It is a good plan to take some object on the wall, a window, a gas jet, or something, as a guide. When you are through talking to b, and b is about to speak, imagine that b has come to where you are, that is, to a, and that you, or, better, the character you just were, have gone to c. Then you at a, as b, must address c along the line ac. Do not get your grown people too small. Remember that they are about as tall as you are, and that you are supposed to look them in the eye. Just suggest the actions of the characters. — It is not necessary, in fact it is not good, to imitate your characters exactly. Just suggest them to your audience. For instance, if a character kneels, it is not necessary for you to kneel; just the clasped hands and a slight bend in the forward knee will be enough to suggest the action. If a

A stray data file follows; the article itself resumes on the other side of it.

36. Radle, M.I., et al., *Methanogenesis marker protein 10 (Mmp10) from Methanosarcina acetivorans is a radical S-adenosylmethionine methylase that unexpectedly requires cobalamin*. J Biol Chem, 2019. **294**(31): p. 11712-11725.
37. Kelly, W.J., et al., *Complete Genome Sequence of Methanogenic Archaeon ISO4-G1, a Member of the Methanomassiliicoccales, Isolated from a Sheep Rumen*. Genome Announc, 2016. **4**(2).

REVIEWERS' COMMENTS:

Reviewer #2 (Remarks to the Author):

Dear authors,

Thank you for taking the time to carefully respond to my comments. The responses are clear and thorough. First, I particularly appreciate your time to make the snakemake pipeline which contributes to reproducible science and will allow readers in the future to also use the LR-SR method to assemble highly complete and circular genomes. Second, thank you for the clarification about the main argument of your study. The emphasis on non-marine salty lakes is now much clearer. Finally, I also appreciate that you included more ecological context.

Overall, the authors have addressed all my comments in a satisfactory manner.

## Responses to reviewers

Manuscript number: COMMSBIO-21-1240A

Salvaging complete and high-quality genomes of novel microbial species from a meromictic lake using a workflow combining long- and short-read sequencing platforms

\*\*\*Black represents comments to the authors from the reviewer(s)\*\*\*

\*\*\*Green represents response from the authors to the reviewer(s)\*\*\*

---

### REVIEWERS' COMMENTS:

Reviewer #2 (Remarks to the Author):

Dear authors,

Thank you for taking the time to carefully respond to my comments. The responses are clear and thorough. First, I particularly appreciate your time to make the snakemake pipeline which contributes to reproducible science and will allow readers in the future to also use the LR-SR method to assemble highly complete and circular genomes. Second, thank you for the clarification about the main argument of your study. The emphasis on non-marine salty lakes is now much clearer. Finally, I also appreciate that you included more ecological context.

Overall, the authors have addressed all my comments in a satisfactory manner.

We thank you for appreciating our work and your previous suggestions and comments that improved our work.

character draws a sword, it is not necessary to put it away. Do not use any costume whatever. Put your pictures to one side and let your eyes “flit back and forth " between them and your audience. — It is sometimes well, in describing very vivid scenes, to imagine that you see them off to one side (never farther to the sides than the lines ab and ac). Then tell the audience what you see, looking now at the picture off yonder, and now at the audience. In case you use gestures, pointing to the scene, look back to the audience just as the stroke comes. Use taste. — It disgusts an audience to overpersonate. In nearly every case, if you can tell about the scene, the audience would prefer it; but when the interest becomes absorbing, then you may change your method. If there is only a line or two in the selections that are quoted, perhaps it would not be best to impersonate them. Do not begin a recitation with a violent impersonation. Work up to it with a little introduction, if you must start with it.